Rethinking Perspectives of Migration in The Northern Triangle
We do not choose where we live, who our families are, or the time that we are born into. We are thrown into the mystery of life. Some land gracefully while others crash and crash hard. For those of us who are born as citizens of the U.S.A., our environment is a stable one. Not without its own challenges, but with general safety. Life is difficult at times for all, but have you ever felt a strong enough presence of danger that forced you to flee from your home? Rarely do we ever look across the Gulf and wonder what our lives would be like had they begun in Honduras, Guatemala, or El Salvador; the Northern Triangle of Central America.
Children and families in the Northern Triangle continue to leave their homes due to complex and interrelated reasons, including chronic violence, poverty, environmental displacement and lack of opportunities. These problems are exacerbated by the failure of governments to address these issues, leaving many with no choice but to flee. Children are forcibly recruited and targeted by gangs as they cross gang territories to attend school. Many business owners are forced to pay a “protection” fee to criminal actors to avoid harm. Although numbers of migrant children and families at the U.S.-Mexican Border have dropped significantly this past year, deportations and detentions of Central Americans along the Southern Mexico Border have increased drastically due to Mexico’s 2014 Southern Border Plan, which is backed by the United States.
Why do we continue to prevent Central Americans access to the protection our nation’s stability has to offer? It is possible we have been labeling migrants from the Northern Triangle incorrectly. So far we have refused to identify them as needing international protection or refugees, but rather, have colloquially categorized these children and families as “illegal immigrants”. The 1951 Refugee Convention under Article 1(A)2 says, “the term refugee shall apply to any person who fear(s) being persecuted for reasons of race, religion, nationality, membership of a particular social group or political opinion”. Although persecution via gang violence does qualify many of these people for international protection, most children and family members do not qualify as textbook refugees, and fail to receive adequate aid. Why are these persecuted children and family members not regarded as deserving of this legal status? In a region where homicide rates and gang violence run rampant, fleeing from a community culture such as this should qualify these people as refugees.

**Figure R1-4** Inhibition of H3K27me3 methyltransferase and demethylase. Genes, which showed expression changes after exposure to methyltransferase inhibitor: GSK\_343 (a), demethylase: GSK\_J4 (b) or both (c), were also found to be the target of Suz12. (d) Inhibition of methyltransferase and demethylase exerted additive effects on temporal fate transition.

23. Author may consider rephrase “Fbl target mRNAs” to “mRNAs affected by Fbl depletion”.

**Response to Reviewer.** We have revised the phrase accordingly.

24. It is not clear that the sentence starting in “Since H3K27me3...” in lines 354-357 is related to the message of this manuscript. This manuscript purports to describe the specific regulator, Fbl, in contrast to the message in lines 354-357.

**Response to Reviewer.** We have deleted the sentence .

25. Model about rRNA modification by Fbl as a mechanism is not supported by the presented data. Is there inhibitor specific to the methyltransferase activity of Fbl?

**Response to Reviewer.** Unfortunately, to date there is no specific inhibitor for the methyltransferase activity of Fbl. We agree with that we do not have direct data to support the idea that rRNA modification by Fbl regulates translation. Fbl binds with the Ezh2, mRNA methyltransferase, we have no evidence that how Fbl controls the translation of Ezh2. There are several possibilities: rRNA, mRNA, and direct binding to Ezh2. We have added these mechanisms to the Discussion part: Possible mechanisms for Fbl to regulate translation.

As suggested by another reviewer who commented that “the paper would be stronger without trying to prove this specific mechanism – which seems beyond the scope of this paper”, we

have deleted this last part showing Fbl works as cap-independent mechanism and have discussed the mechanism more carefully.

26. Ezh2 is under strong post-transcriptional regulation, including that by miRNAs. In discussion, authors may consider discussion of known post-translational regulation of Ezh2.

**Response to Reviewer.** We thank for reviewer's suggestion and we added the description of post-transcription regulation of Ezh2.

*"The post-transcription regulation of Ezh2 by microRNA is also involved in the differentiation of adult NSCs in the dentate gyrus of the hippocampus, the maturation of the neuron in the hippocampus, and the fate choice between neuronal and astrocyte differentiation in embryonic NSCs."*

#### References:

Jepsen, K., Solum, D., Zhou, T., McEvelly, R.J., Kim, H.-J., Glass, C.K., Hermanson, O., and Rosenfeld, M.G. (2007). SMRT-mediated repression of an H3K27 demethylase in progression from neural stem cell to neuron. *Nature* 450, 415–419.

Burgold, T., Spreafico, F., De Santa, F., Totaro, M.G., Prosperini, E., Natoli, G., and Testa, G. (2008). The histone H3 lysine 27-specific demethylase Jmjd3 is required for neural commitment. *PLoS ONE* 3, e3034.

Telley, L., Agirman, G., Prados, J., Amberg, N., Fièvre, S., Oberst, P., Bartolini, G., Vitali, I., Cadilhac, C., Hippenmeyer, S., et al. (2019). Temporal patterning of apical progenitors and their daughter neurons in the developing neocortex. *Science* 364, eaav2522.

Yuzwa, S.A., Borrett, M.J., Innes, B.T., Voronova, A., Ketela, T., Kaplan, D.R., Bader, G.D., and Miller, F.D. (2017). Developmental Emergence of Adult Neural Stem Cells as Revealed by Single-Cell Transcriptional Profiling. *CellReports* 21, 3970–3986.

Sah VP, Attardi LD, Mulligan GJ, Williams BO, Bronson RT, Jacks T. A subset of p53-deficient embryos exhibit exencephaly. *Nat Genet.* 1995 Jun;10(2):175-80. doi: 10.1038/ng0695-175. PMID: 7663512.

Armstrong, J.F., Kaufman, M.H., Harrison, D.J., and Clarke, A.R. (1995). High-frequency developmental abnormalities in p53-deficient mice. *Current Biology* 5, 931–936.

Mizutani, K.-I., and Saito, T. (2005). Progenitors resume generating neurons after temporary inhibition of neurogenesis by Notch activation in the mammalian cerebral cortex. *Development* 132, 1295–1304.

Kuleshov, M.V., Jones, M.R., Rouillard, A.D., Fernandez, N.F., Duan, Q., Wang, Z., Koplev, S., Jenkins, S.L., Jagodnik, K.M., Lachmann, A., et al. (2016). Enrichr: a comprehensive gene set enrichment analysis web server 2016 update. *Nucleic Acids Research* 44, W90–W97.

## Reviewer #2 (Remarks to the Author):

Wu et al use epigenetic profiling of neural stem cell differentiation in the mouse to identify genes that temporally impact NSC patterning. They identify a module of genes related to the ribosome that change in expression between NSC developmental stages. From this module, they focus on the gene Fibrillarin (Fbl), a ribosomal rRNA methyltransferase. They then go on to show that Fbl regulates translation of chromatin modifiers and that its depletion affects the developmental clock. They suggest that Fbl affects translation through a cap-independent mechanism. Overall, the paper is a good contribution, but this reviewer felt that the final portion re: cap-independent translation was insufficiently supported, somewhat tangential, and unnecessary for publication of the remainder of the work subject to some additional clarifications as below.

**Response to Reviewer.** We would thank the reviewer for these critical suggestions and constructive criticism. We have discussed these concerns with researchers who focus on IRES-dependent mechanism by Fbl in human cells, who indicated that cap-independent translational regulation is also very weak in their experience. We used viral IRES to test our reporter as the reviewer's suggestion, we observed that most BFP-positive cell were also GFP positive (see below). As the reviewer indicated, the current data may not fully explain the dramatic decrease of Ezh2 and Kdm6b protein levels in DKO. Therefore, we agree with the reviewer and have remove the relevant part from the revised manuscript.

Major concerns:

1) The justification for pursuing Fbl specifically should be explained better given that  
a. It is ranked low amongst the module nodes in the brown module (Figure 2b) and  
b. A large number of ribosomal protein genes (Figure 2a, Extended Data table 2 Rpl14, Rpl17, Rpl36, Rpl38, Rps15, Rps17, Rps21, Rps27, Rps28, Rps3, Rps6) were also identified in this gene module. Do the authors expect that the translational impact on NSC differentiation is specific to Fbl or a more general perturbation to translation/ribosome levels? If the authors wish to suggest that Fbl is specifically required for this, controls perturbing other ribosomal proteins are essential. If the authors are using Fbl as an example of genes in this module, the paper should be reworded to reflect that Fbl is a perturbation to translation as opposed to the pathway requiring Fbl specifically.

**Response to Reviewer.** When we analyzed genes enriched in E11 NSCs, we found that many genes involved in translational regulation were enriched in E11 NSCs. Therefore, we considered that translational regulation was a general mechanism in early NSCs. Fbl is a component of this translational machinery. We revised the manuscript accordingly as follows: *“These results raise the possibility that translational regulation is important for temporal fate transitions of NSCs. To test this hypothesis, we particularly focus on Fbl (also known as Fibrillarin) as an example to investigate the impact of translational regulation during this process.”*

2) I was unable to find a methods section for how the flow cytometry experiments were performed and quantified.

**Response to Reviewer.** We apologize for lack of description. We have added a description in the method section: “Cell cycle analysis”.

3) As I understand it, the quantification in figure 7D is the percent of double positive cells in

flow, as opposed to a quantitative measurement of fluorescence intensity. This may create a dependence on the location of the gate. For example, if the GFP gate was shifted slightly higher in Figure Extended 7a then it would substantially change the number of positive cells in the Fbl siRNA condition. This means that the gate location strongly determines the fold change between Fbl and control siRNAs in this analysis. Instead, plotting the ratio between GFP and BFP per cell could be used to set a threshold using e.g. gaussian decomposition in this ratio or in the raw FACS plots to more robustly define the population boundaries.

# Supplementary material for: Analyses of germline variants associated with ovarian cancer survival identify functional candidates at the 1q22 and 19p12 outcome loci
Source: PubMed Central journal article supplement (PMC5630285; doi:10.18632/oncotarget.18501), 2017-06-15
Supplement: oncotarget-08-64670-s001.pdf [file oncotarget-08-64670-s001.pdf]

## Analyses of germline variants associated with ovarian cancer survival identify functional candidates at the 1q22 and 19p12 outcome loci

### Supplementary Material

Those of us who were born in America were handed this privilege by chance, not choice. As one of our founding fathers, Thomas Jefferson, once proclaimed, “We hold these truths to be self-evident that all men are created equal, that they are endowed by their creator with certain unalienable rights”. We are endowed with, we were gifted these rights as humans and people of God. Our privilege as Americans is that we, as a nation, persistently fight for these values. So why should we deny these rights to others who actively seek acknowledgement of their unalienable rights? Should we not embrace our neighbor with open arms?
We as Americans should provide a safe haven for these refugees and welcome our neighbors, who have shown extreme bravery, courage, and faith. We should listen to the words in Philippians 2:4 which states, “Let each of you look not to your own interests, but to the interests of others”. We should welcome refugees, as we previously have, and continue the idea of America as “The Great Salad Bowl” of diverse communities. America was founded and forged by immigrant communities. We should not turn away those who seek life, liberty and pursue happiness.